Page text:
Lindsey Construction, Inc. v. AutoNation Financial Services, LLC, and Auto Company XI, Inc. d/b/a AutoNation Chrysler Dodge Jeep Ram Spring Appeal from Co Civil Ct at Law No 4 of Harris County (opinion)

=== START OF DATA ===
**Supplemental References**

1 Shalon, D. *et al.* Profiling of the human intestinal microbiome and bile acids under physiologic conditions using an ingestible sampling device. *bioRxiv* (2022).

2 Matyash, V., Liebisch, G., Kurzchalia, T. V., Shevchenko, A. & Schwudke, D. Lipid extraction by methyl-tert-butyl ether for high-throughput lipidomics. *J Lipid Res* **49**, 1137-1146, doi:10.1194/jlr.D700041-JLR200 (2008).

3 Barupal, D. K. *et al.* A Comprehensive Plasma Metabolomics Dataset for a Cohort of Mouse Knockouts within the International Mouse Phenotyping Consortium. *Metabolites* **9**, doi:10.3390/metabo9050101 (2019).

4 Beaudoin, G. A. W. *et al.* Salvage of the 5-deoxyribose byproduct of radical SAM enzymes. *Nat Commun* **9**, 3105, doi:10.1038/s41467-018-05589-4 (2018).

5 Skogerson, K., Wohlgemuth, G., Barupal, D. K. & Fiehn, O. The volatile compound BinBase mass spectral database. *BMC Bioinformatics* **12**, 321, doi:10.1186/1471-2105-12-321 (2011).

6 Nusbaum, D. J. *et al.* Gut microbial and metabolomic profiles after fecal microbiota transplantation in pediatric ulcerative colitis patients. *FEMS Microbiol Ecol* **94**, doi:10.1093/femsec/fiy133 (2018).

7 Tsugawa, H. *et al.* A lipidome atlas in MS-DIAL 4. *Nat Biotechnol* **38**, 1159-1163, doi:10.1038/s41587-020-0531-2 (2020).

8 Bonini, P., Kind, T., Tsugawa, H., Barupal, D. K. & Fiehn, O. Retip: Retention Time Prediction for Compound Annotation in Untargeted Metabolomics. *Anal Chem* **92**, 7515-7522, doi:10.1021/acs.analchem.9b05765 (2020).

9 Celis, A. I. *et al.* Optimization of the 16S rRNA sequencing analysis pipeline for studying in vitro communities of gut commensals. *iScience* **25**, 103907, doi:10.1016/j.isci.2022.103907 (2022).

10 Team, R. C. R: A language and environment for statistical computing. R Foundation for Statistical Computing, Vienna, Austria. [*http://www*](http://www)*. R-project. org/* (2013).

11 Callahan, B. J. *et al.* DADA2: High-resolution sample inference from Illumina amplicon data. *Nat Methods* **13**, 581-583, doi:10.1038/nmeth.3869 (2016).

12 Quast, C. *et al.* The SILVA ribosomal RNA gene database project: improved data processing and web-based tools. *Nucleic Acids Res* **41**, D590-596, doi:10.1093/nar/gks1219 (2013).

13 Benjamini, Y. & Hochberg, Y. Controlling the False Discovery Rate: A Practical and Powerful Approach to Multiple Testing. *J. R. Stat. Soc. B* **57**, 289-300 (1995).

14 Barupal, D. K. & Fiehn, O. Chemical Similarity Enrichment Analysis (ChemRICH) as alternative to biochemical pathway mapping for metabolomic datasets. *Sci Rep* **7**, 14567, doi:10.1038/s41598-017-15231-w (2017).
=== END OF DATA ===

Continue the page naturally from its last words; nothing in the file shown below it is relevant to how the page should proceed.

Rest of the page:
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Affirmed and Opinion filed December 7, 2017. In The Fourteenth Court of Appeals NO. 14-16-00190-CV LINDSEY CONSTRUCTION, INC., Appellant V. AUTONATION FINANCIAL SERVICES, LLC, AND AUTO COMPANY XI, INC. D/B/A AUTONATION CHRYSLER DODGE JEEP RAM SPRING, Appellees On Appeal from the County Civil Court at Law No. 4 Harris County, Texas Trial Court Cause No. 1048826-101 OPINION A construction company that leases trucks for use in its business alleged that a company that buys and sells trucks breached an implied-in-fact contract by failing to purchase a truck that the construction company had been leasing from a car-rental company. The plaintiff filed suit asserting claims for breach of contract, violations of the Texas Deceptive Trade Practices Act, negligent misrepresentation, and tortious interference with an existing contract, and seeking declaratory relief. The trial court granted the defendants’ motion for a no-evidence and traditional summary judgment. The plaintiff now challenges the judgment in this appeal. We affirm. I. FACTUAL AND PROCEDURAL BACKGROUND Appellant/plaintiff Lindsey Construction, Inc. (“Lindsey Construction”) was leasing three trucks from Enterprise Fleet Management, Inc. for use in Lindsey Construction’s business. The engine of one of these trucks began making a loud clicking noise. Seeking an evaluation of this noise, Lindsey Construction brought the truck (the “Ram 7007”) to the service department of appellees/defendants Auto Company XI, Inc. d/b/a AutoNation Chrysler Dodge Jeep Ram Spring and AutoNation Financial Services, LLC (collectively the “AutoNation Parties”).1 After Lindsey Construction dropped the Ram 7007 off, the AutoNation Parties informed Lindsey Construction that the Ram 7007 had a major internal failure and that the engine needed to be rebuilt or replaced. Curtis Lindsey, the President of Lindsey Construction told the AutoNation Parties that Lindsey did not want any repairs made to the Ram 7007 at that time and that he would pick up the truck as it was, with the engine disassembled. Lindsey claims that when he arrived to retrieve the Ram 7007, an AutoNation sales representative told him that Lindsey Construction should trade-in the Ram 7007 for “a newer model from AutoNation” and that “Enterprise should 1 Lindsey Construction makes most of its allegations against both Auto Company XI, Inc. d/b/a AutoNation Chrysler Dodge Jeep Ram Spring and AutoNation Financial Services, LLC, without distinguishing between the two companies. The AutoNation Parties assert that AutoNation Financial Services, LLC has no connection with the occurrence made the basis of this suit. We need not resolve this issue to dispose of this appeal. In this opinion, we refer to both AutoNation Parties when Lindsey Construction has alleged that both are involved, even though only one company actually may have been involved. 2 handle the financing because Enterprise could ‘get [Lindsey Construction] a better deal.’” Although Lindsey had not intended to trade-in the Ram 7007, he decided to consider this possibility based on the AutoNation Parties’ diagnosis of the engine. At the time, Lindsey Construction already was leasing two other trucks from Enterprise (the “Other Two Trucks”). According to Lindsey, the leases on the Other Two Trucks were about to expire, and Lindsey brought them to the AutoNation Parties to be appraised when the Ram 7007 was appraised. The AutoNation Parties completed an appraisal for each of the three trucks to determine their trade-in values. The AutoNation Parties presented Lindsey with a separate appraisal report for each truck. Each report stated an appraised value for the respective vehicle. The report for the Ram 7007 stated an appraised value of $13,500, without any mention as to whether the value was based on the current condition of the Ram 7007’s engine or whether the value was premised on the Ram 7007 having a rebuilt or replaced engine. In the reports the AutoNation Parties did not state that either of them would buy any of the trucks. The reports simply stated the appraised value of the vehicles. According to Lindsey, a representative of the AutoNation Parties “presented [Lindsey] with three separate appraisal reports, one for each vehicle, and stated that the appraised value specified in each [report] was the price at which [the AutoNation Parties] would purchase each vehicle.” Lindsey claims that the AutoNation Parties never said that the Ram 7007’s appraisal was based on the truck having a repaired engine or that the AutoNation Parties’ purchase of the Ram 7007 would be contingent on the engine being repaired. Lindsey Construction alleges that the AutoNation Parties represented that they would buy each truck at the amount of the appraised value and that, in reliance upon these representations, Lindsey Construction decided to trade-in the three vehicles for newer models. 3 Lindsey Construction then “traded-in” the Ram 7007 and the Other Two Trucks, thus terminating the leases of these three trucks from Enterprise. Lindsey Construction leased three new trucks from Enterprise, which bought the three new vehicles from the AutoNation Parties. Lindsey Construction picked up the three new leased trucks on or about November 22, 2013. The pricing of the new-truck leases was premised on the AutoNation Parties buying the Ram 7007 and the Other Two Trucks at the appraised values stated in the appraisal reports. Though the AutoNation Parties purchased the Other Two Trucks at the appraised values stated in the appraisal reports, the AutoNation Parties did not buy the Ram 7007 from Enterprise. Several months later Lindsey Construction received a letter from Enterprise stating that the AutoNation Parties had not purchased the Ram 7007 from Enterprise and that if the AutoNation Parties did not buy this truck, Lindsey Construction would have to pay more for the lease of the truck that replaced the Ram 7007. Despite Lindsey Construction’s demand that the AutoNation Parties buy the Ram 7007 from Enterprise for $13,500, the AutoNation Parties refused to do so. Lindsey Construction sued the AutoNation Parties, asserting claims for breach of contract, violations of the Deceptive Trade Practices Act, negligent misrepresentation, and tortious interference with an existing contract. The AutoNation Parties filed a summary-judgment motion seeking a summary judgment based on various traditional and no-evidence grounds. Lindsey Construction later amended its petition to seek declaratory relief and to add Enterprise as a defendant. The trial court granted the AutoNation Parties’ summary-judgment motion, and later severed Lindsey Construction’s claims against the AutoNation Parties to make the judgment final. 4 II. ISSUES AND ANALYSIS On appeal, Lindsey Construction asserts that the trial court erred in granting summary judgment as to each challenged claim. Lindsey Construction argues that the trial court erred in granting summary judgment on the no-evidence grounds because an adequate time for discovery had not yet passed when the trial court granted summary judgment. Lindsey Construction also asserts that the trial court erred in granting summary judgment as to Lindsey Construction’s requests for declaratory relief because the AutoNation Parties did not challenge these requests in any of their summary-judgment grounds. In a traditional motion for summary judgment, if the movant’s motion and summary-judgment evidence facially establish its right to judgment as a matter of law, the burden shifts to the nonmovant to raise a genuine, material fact issue sufficient to defeat summary judgment. M.D. Anderson Hosp. & Tumor Inst. v. Willrich, 28 S.W.3d 22, 23 (Tex. 2000). In reviewing a no-evidence summary judgment, we ascertain whether the nonmovant pointed out summary-judgment evidence raising a genuine issue of fact as to the essential elements attacked in the no-evidence motion. Johnson v. Brewer & Pritchard, P.C., 73 S.W.3d 193, 206– 08 (Tex. 2002). In our de novo review of a trial court’s summary judgment, we consider all the evidence in the light most favorable to the nonmovant, crediting evidence favorable to the nonmovant if reasonable jurors could, and disregarding contrary evidence unless reasonable jurors could not. Mack Trucks, Inc. v. Tamez, 206 S.W.3d 572, 582 (Tex. 2006). The evidence raises a genuine issue of fact if reasonable and fair-minded jurors could differ in their conclusions in light of all of the summary-judgment evidence. Goodyear Tire & Rubber Co. v. Mayes, 236 S.W.3d 754, 755 (Tex. 2007). When, as in this case, the order granting summary judgment does not specify the grounds upon which the trial court relied, we must 5 affirm the summary judgment if any of the independent summary-judgment grounds is meritorious. FM Props. Operating Co. v. City of Austin, 22 S.W.3d 868, 872 (Tex. 2000). A. Did the trial court abuse its discretion by determining that there had been an adequate time for discovery? Lindsey Construction asserts the trial court erred in granting a no-evidence summary judgment because an adequate time for discovery had not passed when the trial court granted summary judgment. See Tex. R. Civ. P. 166a(i) (“After adequate time for discovery, a party without presenting summary judgment evidence may move for summary judgment on the ground that there is no evidence of one or more essential elements of a claim or defense on which an adverse party would have the burden of proof at trial”). On appeal, Lindsey Construction complains that it should have been afforded the opportunity to seek further discovery from Enterprise and that Lindsey Construction should have been allowed to complete its deposition of Joseph Simon, who was an “AutoNation sales representative” when Lindsey Construction brought the Ram 7007 in for diagnostic testing. When a party contends it has not had an adequate opportunity for discovery before a summary-judgment hearing or that there has not been adequate time for discovery under Texas Rule of Civil Procedure 166a(i), the party must file either an affidavit explaining the need for further discovery or a verified motion for continuance. See Tenneco, Inc. v. Enter. Prods., Co., 925 S.W.2d 640, 647 (Tex. 1996); Kaldis v. Aurora Loan Servs., 424 S.W.3d 729, 736 (Tex. App.—Houston [14th Dist.] 2014, no pet.). In Curtis Lindsey’s summary-judgment affidavit, he asserted that Lindsey Construction had not had an adequate time for discovery and that Lindsey Construction had not been afforded the opportunity to take any depositions. After 6 Lindsey Construction filed this summary-judgment affidavit, and before the trial court granted summary judgment on October 22, 2015, Lindsey Construction took three depositions and supplemented its summary-judgment response with deposition excerpts. Lindsey Construction did not file a verified motion for continuance, nor did it file an affidavit explaining that it needed to conduct further discovery on Enterprise or that Lindsey Construction needed to complete its deposition of Joseph Simon. We presume, without deciding, that Lindsey Construction preserved error regarding its appellate complaint. In deciding whether the trial court permitted an adequate time for discovery, we consider the following factors: (1) the nature of the case, (2) the nature of the evidence necessary to controvert the no-evidence motion, (3) the length of time the case was active, (4) the amount of time the no-evidence motion was on file, (5) whether the movant had requested stricter deadlines for discovery, (6) the amount of discovery that already had taken place, and (7) whether the discovery deadlines in place were specific or vague. See McInnis v. Mallia, 261 S.W.3d 197, 201 (Tex. App.—Houston [14th Dist.] 2008, no pet.). We review a trial court’s determination that there has been an adequate time for discovery on a case-by-case basis, under an abuse-of-discretion standard. See id. Lindsey Construction filed this suit against the AutoNation Parties on June 13, 2014, and served requests for admissions, requests for production, and interrogatories on the AutoNation Parties in August 2014. The AutoNation Parties filed their summary-judgment motion on March 5, 2015, almost nine months after Lindsey Construction filed suit. In its summary-judgment response, Lindsey Construction asserted that it needed to take depositions. The AutoNation Parties passed the hearing that they had set on their summary-judgment motion in March 2015. In May 2015, they deposed Curtis Lindsey. The same month, Lindsey 7 Construction took three depositions. Lindsey Construction supplemented its summary-judgment response with excerpts from two of these depositions. The AutoNation Parties reset the hearing on their summary-judgment motion to October 20, 2015, and two days after the hearing the trial court granted the motion. At the time the trial court granted the motion, the trial setting had been continued several times, and the case was set for trial on February 22, 2016. The trial court granted summary judgment more than sixteen months after Lindsey Construction filed suit and more than seven months after the AutoNation Parties filed the summary-judgment motion. Under the applicable standard of review, we conclude that the trial court did not abuse its discretion in impliedly determining that an adequate time for discovery had passed when the trial court granted summary judgment. See Zimmerman v. Farias, No. 14-12-00531-CV, 2013 WL 5026248, at *2–3 (Tex. App.—Houston [14th Dist.] Sept. 12, 2013, no pet.) (mem. op.). B. May this court affirm the summary judgment based on the statute of frauds in Texas Business and Commerce Code section 2.201? Subject to exceptions not raised by the facts of this case, a contract for the sale of goods for the price of $500 or more is not enforceable by way of action or defense unless there is some writing sufficient to indicate that a contract for sale has been made between the parties and signed by the party against whom enforcement is sought or by that party’s authorized agent or broker. See Tex. Bus. & Comm. Code § 2.201 (West, Westlaw through 2017 1st C.S.). On appeal, the AutoNation Parties assert the record contains no evidence of a writing sufficient to satisfy the statute-of-frauds requirements of section 2.201 of the Texas Business and Commerce Code and that this court may affirm the summary judgment based on this statute. 8 The statute of frauds is an affirmative defense that that the AutoNation Parties had the burden to plead and prove. See Duradril, L.L.C. v. Dynomax Drilling Tools, Inc., 516 S.W.3d 147, 158 (Tex. App.—Houston [14th Dist.] 2017, no pet.). Though the AutoNation Parties pleaded this defense in their answer, they did not assert this defense in their summary-judgment motion. The AutoNation Parties’ no-evidence summary-judgment grounds challenging the essential elements of Lindsey Construction’s claims do not provide a basis for granting summary judgment based on the statute of frauds, which is an affirmative defense that may not be raised by the AutoNation Parties in a no-evidence summaryjudgment ground. See Haven Chapel United Methodist Church v. Leebron, 496 S.W.3d 893, 904 (Tex. App.—Houston [14th Dist.] 2016, no pet.). The AutoNation Parties did not expressly present the statute of frauds as a ground in their summary-judgment motion; therefore, we may not affirm the trial court’s judgment based on the statute of frauds. See Henkel v. Norman, 441 S.W.3d 249, 251 n.1 (Tex. 2014); Stiles v. Resolution Trust Corp., 867 S.W.2d 24, 26 (Tex. 1993). C. Did the trial court err in granting summary judgment as to the breachof-contract claims? Lindsey Construction asserts that the trial court erred in granting summary judgment as to its breach-of-contract claims against the AutoNation Parties. Though Lindsey Construction consistently has asserted that its breach-of-contract claims are based on an implied-in-fact contract, Lindsey Construction has not been consistent in describing the nature of the alleged implied-in-fact contract. In its live pleading, Lindsey Construction alleged that Lindsey Construction, Enterprise, and the AutoNation Parties are all parties to an alleged contract, under which (1) the AutoNation Parties agreed to purchase the Ram 7007 for $13,500; and (2) Enterprise agreed to apply credit for the gain from the purchase to Lindsey 9 Construction’s lease of the newer truck replacing the Ram 7007. Given that Enterprise was the owner of the Ram 7007, it might make sense that Enterprise would be a party to the alleged implied-in-fact contract. In its summary-judgment response and the supplement to that response, Lindsey Construction asserts that in the implied contract, the AutoNation Parties agreed to purchase the Ram 7007 for $13,500, without any mention that Enterprise is a party to the contract.2 On appeal, Lindsey Construction does not specifically refer to Enterprise as a party to the alleged implied-in-fact contract, though Lindsey Construction refers at various times to the “Parties” to the contract, without defining this term or stating which parties it alleges are parties to this contract. Regardless of whether Enterprise is a party to the alleged contract, we note that Lindsey Construction contends that the AutoNation Parties and Lindsey Construction were parties to an implied-in-fact contract, under which the AutoNation Parties agreed that they would purchase the Ram 7007 for $13,500 and that the AutoNation Parties breached the contract by not purchasing the Ram 7007. No appraisal report or other writing in the summary-judgment evidence contains a statement that the AutoNation Parties will purchase the Ram 7007 for $13,500. Lindsey Construction relies on Curtis Lindsey’s affidavit testimony as to oral statements by a representative of the AutoNation Parties “that the appraised value specified in each [report] was the price at which [the AutoNation Parties] would purchase each vehicle.” Lindsey Construction asserts that it relied on these oral statements and the appraisal reports in agreeing with Enterprise to lease the three new trucks. 2 Lindsey Construction filed its summary-judgment response before its Second Amended Petition bringing Enterprise into the lawsuit and alleging that Enterprise was a party to the implied contract. But, Lindsey Construction filed its supplement to the summary-judgment response after it filed this amended pleading. 10 In their summary-judgment motion, the AutoNation Parties asserted various grounds, including that there is no evidence that the parties mutually assented to the terms of the alleged implied-in-fact contract. Lindsey Construction argues that the facts and circumstances shown by the summary-judgment record, including the conduct of the AutoNation Parties and Lindsey Construction, raise a genuine fact issue as to whether courts should imply a mutual intention to enter into a contract under which the AutoNation Parties agreed to purchase the Ram 7007 for $13,500. A contract for sale of goods may be made in any manner sufficient to show agreement, including conduct by the parties that recognizes the existence of such a contract. See Tex. Bus. & Comm. Code § 2.204(a) (West, Westlaw through 2017 1st C.S.). In cases involving implied contracts, mutual intent is inferred from the circumstances. Id. In determining whether mutual assent is present, courts consider the communications between the parties, the parties’ conduct, any course of dealing between the parties, and the surrounding circumstances. See Parker Drilling Co. v. Romfor Supply Co., 316 S.W.3d 68, 75 (Tex. App.—Houston [14th Dist.] 2010, pet. denied). Courts determine whether the parties achieved a meeting of the minds using the objective standard of what the parties said and did, rather than the parties’ subjective states of mind. See id. Even presuming that a representative of the AutoNation Parties told Lindsey “that the appraised value specified in each [report] was the price at which [the AutoNation Parties] would purchase each vehicle,” Enterprise, not Lindsey Construction, owned the trucks, and the representative did not say that the AutoNation Parties agreed to purchase each truck at the value specified in each report. Even if the AutoNation Parties stated the price at which they were willing to buy each truck, these statements were made to Lindsey Construction, not to Enterprise, the owner of the Ram 7007 and the Other Two Trucks. Neither the 11 AutoNation Parties’ statements to Lindsey nor the conduct of the parties shows that the AutoNation Parties agreed to purchase the Ram 7007 for $13,500. Lindsey Construction asserts on appeal that it delivered the Ram 7007 and the Other Two Trucks to the AutoNation Parties and that the AutoNation Parties did not indicate that the Ram 7007 was not part of “the trade-in deal.” As to the Ram 7007, this assertion is not supported by the summary-judgment evidence. The summary-judgment evidence reflects that when Lindsey Construction decided to consider leasing three new trucks from Enterprise, Lindsey Construction delivered only the Other Two Trucks to the AutoNation Parties, because the Ram 7007 already was in the AutoNation Parties’ possession due to the diagnostic work the AutoNation Parties had performed in connection with the Ram 7007’s engine issues. The agreement of Enterprise and Lindsey Construction to terminate Lindsey Construction’s lease of the Ram 7007 and the Other Two Trucks and to have Lindsey Construction lease three new trucks from Enterprise (which Enterprise purchased from the AutoNation Parties), and the AutoNation Parties’ purchase of the Other Two Trucks at the value stated in the respective appraisal report do not constitute objective circumstances giving rise to an implied assent by the AutoNation Parties to a contract under which they agreed to purchase the Ram 7007 for $13,500. Under the applicable standard of review, we conclude that (1) the summaryjudgment evidence does not raise a genuine fact issue as to the assent of either of the AutoNation Parties to the terms of a contract under which the AutoNation Parties agreed that they would purchase the Ram 7007 for $13,500, and (2) the summary-judgment evidence does not raise a genuine fact issue as to whether courts should imply mutual assent to enter into a contract under which the 12 AutoNation Parties agreed to purchase the Ram 7007 for $13,500, based on the parties’ conduct and the surrounding circumstances shown by the summaryjudgment evidence. See Parker Drilling Co., 316 S.W.3d at 75–77 (concluding that the evidence was legally insufficient to support a finding of mutual assent by the parties to an alleged implied-in-fact contract). Thus, the trial court did not err in granting summary judgment as to the breach-of-contract claims on the ground that there is no evidence that the parties mutually assented to the terms of the alleged implied-in-fact contract.3 See id. D. Did the trial court err in granting summary judgment as to the claims based on alleged violations of the Deceptive Trade Practices Act? In its live pleading, Lindsey Construction alleged that the AutoNation Parties violated the Deceptive Trade Practices Act (“DTPA”) by (1) representing that an agreement confers or involves rights, remedies, or obligations which it does not have or involve, or which are prohibited by law; and (2) misrepresenting the authority of a salesman, representative, or agent to negotiate the final terms of a consumer transaction. See Tex. Bus. & Comm. Code § 17.46(b)(12),(14) (West, Westlaw through 2017 1st C.S.). In their summary-judgment motion, the AutoNation Parties asserted that (1) there is no evidence that the AutoNation Parties represented that an agreement conferred or involved rights, remedies, or obligations that it did not have or involve, or that were prohibited by law; and (2) there is no evidence that the AutoNation Parties misrepresented the authority of a salesman, representative, or agent to negotiate the final terms of a consumer transaction. The trial court impliedly granted summary judgment on these grounds. As to the first alleged DTPA violation, Lindsey Construction argues on 3 Based on this conclusion, we need not and do not address whether the trial court’s summary judgment as to the breach-of-contract claims may be affirmed based on any of the other summary-judgment grounds in the motion. 13 appeal that the summary-judgment evidence raised a fact issue as to whether the AutoNation Parties’ sales representative induced Lindsey Construction into leasing the new trucks by failing to disclose that the AutoNation Parties’ purchase of the Ram 7007 was conditioned upon the engine being repaired. Lindsey Construction asserts that the AutoNation Parties’ sales representative falsely represented that the AutoNation Parties would purchase the Ram 7007 despite the damaged engine and that the representative failed to disclose that the vehicle’s appraisal report was based on a repaired engine. According to Lindsey Construction, by failing to disclose that the AutoNation Parties’ purchase of the Ram 7007 was conditioned on the engine being repaired, the AutoNation Parties misrepresented the rights and obligations of the agreement to purchase the Ram 7007, in violation of section 17.46(b)(12) of the Business and Commerce Code. See id. § 17.46(b)(12). Under the plain meaning of the language in section 17.46(b)(12) of the Business and Commerce Code, it would appear that, to violate this subsection an affirmative misrepresentation, rather than a failure to disclose, is required. See id. Lindsey Construction has not cited any cases in which a court holds that a failure to disclose a material fact about the rights, remedies, or obligations conferred by an agreement suffices to establish a violation of this subsection. Nonetheless, we presume, without deciding, that a failure to disclose may be sufficient to show a violation of this subsection. Even under this presumption, the alleged failures to disclose or misrepresentations raised by Lindsey Construction concern the alleged contract under which the AutoNation Parties agreed to purchase the Ram 7007 for $13,500, and we already have concluded that the summary-judgment evidence does not raise a genuine fact issue as to a prerequisite for the formation of this alleged contract. See 2001 Trinity Fund, LLC v. Carrizo Oil & Gas, Inc., 393 S.W.3d 442, 449 (Tex. App.—Houston [14th Dist.] 2012, pet. denied). 14 Because the summary-judgment evidence does not raise a genuine fact issue as to the existence of the alleged agreement, the summary-judgment evidence likewise does not raise a genuine fact issue as to whether either of the AutoNation Parties represented that the alleged agreement conferred or involved rights, remedies, or obligations which it did not have or involve, or which were prohibited by law. See Guardian Life Ins. Co. v. Kinder, 663 F.Supp.2d 544, 552 (S.D. Tex. 2009) (applying DTPA). As to the AutoNation Parties’ alleged violation of section 17.46(b)(14) by misrepresenting the authority of a salesman, representative, or agent to negotiate the final terms of a consumer transaction, Lindsey Construction asserts on appeal that the AutoNation sales representative whom Lindsey Construction claims made an offer to purchase the Ram 7007 and the Other Two Trucks, “apparently did not have authority to do the same.” Lindsey Construction does not cite any summaryjudgment evidence in support of this proposition. Considering all the evidence in the light most favorable to Lindsey Construction, crediting evidence favorable to Lindsey Construction if reasonable jurors could, and disregarding contrary evidence unless reasonable jurors could not, we conclude that the summary-judgment proof does not raise a genuine fact issue as to whether the AutoNation Parties misrepresented the authority of a salesman, representative, or agent to negotiate the final terms of a consumer transaction. See Tex. Bus. & Comm. Code § 17.46(b)(14); Mack Trucks, Inc., 206 S.W.3d at 582–84. Thus, the trial court did not err in granting a no-evidence summary judgment as to Lindsey Construction’s claims based on alleged DTPA violations. 4 4 Based on this conclusion, we need not and do not address whether the trial court’s summary judgment as to the DTPA claims may be affirmed based on any of the traditional summary15 E. Did the trial court err in granting summary judgment as to the negligentmisrepresentation claims? Lindsey Construction argues on appeal that the trial court erred in granting summary judgment as to its negligent-misrepresentation claims based on the AutoNation Parties’ alleged representations that they would purchase the Ram 7007 despite its damaged engine, the AutoNation Parties’ alleged representations that they would purchase the Ram 7007 for $13,500, and the AutoNation Parties’ alleged failure to disclose that the purchase of the Ram 7007 was contingent upon the engine being repaired or that Lindsey Construction would be held liable if the AutoNation Parties failed to purchase the Ram 7007. We presume, without deciding, that a negligent-misrepresentation claim may be based on a failure to disclose rather than an affirmative misrepresentation. The AutoNation Parties asserted that there is no evidence of each of the essential elements of the negligent-misrepresentation claims. The essential elements of a claim for negligent misrepresentation are (1) the defendant made a representation in the course of the defendant’s business, or in a transaction in which the defendant had a pecuniary interest; (2) the defendant supplied “false information” for the guidance of others in their business; (3) the defendant did not exercise reasonable care or competence in obtaining or communicating the information; and (4) the plaintiff suffered pecuniary loss by justifiably relying on the representation. See Federal Land Bank Ass’n of Tyler v. Sloane, 825 S.W.2d 439, 442 (Tex. 1991). The term “false information,” as used in the elements of a negligent-misrepresentation claim, means a misstatement of existing fact, not a promise of future conduct. See Mañon v. Solis, 142 S.W.3d 380, 388 (Tex. App.— judgment grounds. 16 Houston [14th Dist.] 2004, pet. denied); Allied Vista, Inc. v. Holt, 987 S.W.2d 138, 141 (Tex. App.—Houston [14th Dist.] 1999, pet. denied). We presume for the sake of argument that (1) the AutoNation Parties represented that they would purchase the Ram 7007 despite its damaged engine; (2) the AutoNation Parties represented they would purchase the Ram 7007 for $13,500, (3) the AutoNation Parties’ failed to disclose that the purchase of the Ram 7007 was contingent upon the engine being repaired; (4) the AutoNation Parties’ failed to disclose that Lindsey Construction would be held liable if the AutoNation Parties failed to purchase the Ram 7007; and (5) these failures to disclose are deemed to be representations in the analysis of the negligent-misrepresentation claims. Even under these presumptions, the purported representations constitute promises of future conduct rather than misstatements of existing fact. Therefore, none of this alleged conduct may form the basis of a viable negligentmisrepresentation claim. See Mañon, 142 S.W.3d at 388; Allied Vista, Inc., 987 S.W.2d at 141. Lindsey Construction has not shown that the trial court erred in granting a no-evidence summary judgment as to the negligent-misrepresentation claims. See Mañon, 142 S.W.3d at 388; Allied Vista, Inc., 987 S.W.2d at 141.5 F. Did the trial court err in granting summary judgment as to the claims for tortious interference with an existing contract? In its live pleading, Lindsey Construction alleged claims for tortious interference with an existing contract based on an allegation that the AutoNation Parties willfully and intentionally interfered with the lease agreement between Enterprise and Lindsey Construction for the Ram 7007 by offering to purchase the Ram 7007 for $13,500 and then failing to purchase the Ram 7007 after Lindsey 5 Based on this conclusion, we need not and do not address whether the trial court’s summary judgment as to the negligent-misrepresentation claims may be affirmed based on any of the traditional summary-judgment grounds. 17 Construction had leased a new truck to replace the Ram 7007. An essential element of a claim for tortious interference with an existing contract is that the defendant’s act of interference must be willful and intentional. See Dagley v. Haag Engineering Co., 18 S.W.3d 787, 793 (Tex. App.—Houston [14th Dist.] 2000, no pet.). To be intentional in the context of a claim for tortious interference with an existing contract, the defendant must intend its act to interfere with the contract. See Sw. Bell Tel. Co. v. John Carlo Texas, Inc., 843 S.W.2d 470, 472 (Tex. 1992). In their summary-judgment motion, the AutoNation Parties asserted that there is no evidence that the alleged act of interference was willful and intentional. In its summary-judgment response, Lindsey Construction stated that the AutoNation Parties had an obligation to purchase the Ram 7007 as agreed and that their failure to do so constituted interference with Lindsey Construction’s lease agreement for the new truck that replaced the Ram 7007. In the response, Lindsey Construction did not assert that there was a fact issue as to alleged tortious interference with its lease agreement for the Ram 7007.6 Lindsey Construction stated that the only way for the AutoNation Parties to avoid liability for tortious interference with an existing contract is to prove that they were within their contractual rights not to purchase the Ram 7007 for $13,500. In the supplement to its summary-judgment response, Lindsey Construction did not mention its claims for tortious interference with an existing contract. In neither the response nor the supplement does Lindsey Construction mention the requirement that the defendant’s act of interference must be willful and intentional or point to evidence allegedly raising a fact issue as to this requirement. Under the applicable standard of review, we conclude that Lindsey Construction did not point out summary6 In the response, Lindsey Construction also responded to a traditional summary-judgment ground the AutoNation Parties had asserted. 18 judgment evidence raising a genuine issue of fact as to the essential element that that the alleged act of interference was willful and intentional. See Johnson, 73 S.W.3d at 206–08; John Carlo Texas, Inc., 843 S.W.2d at 472; Dagley, 18 S.W.3d at 794; Moron v. Computer Curriculum Corp., No. 13-03-052-CV, 2004 WL 1797583, at *4 (Tex. App.—Corpus Christi Aug. 12, 2004, no pet.) (mem. op.). Lindsey Construction has not shown that the trial court erred in granting a noevidence summary judgment as to its claims for tortious interference with an existing contract.7 G. Did the trial court err in granting summary judgment as to the requests for declaratory relief? After the AutoNation Parties filed their summary-judgment motion, Lindsey Construction amended its petition to add requests for declaratory relief as to various matters relating to the transactions made the bases of this suit. The trial court granted summary judgment and dismissed all of Lindsey Construction’s claims. On appeal, Lindsey Construction asserts that the trial court erred in granting summary judgment as to its requests for declaratory relief because the AutoNation Parties did not challenge these requests in any of their summaryjudgment grounds. Because the requests for declaratory relief are derivative of Lindsey Construction’s other claims and because the trial court did not err in granting summary judgment as to the other claims, Lindsey Construction’s argument does not provide a basis for reversing the trial court’s judgment. See Melendez v. Citimortgage, Inc., No. 03-14-0029-CV, 2015 WL 5781103, at *4 (Tex. App.—Austin Oct. 2, 2015, pet. denied) (mem. op.). 7 Based on this conclusion, we need not and do not address whether the trial court’s summary judgment as to the claims for tortious interference with an existing contract may be affirmed based on any of the traditional summary-judgment grounds. 19 III. CONCLUSION The trial court did not abuse its discretion in impliedly determining that an adequate time for discovery had passed when the trial court granted summary judgment. The trial court did not err in granting summary judgment as to the breach-of-contract claims on the ground that there is no evidence that the parties mutually assented to the terms of the alleged implied-in-fact contract. Nor did the trial court err in granting a no-evidence summary judgment as to Lindsey Construction’s claims based on alleged DTPA violations. Lindsey Construction has not shown that the trial court erred in granting a no-evidence summary judgment as to the negligent-misrepresentation claims or as to the claims for tortious interference with an existing contract. We may affirm the dismissal of Lindsey Construction’s requests for declaratory relief because these requests are derivative of Lindsey Construction’s other claims and because the trial court did not err in granting summary judgment as to the other claims. Accordingly, we overrule all of Lindsey Construction’s appellate challenges and affirm the trial court’s judgment. /s/ Kem Thompson Frost Chief Justice Panel consists of Chief Justice Frost and Justices Brown and Jewell. 20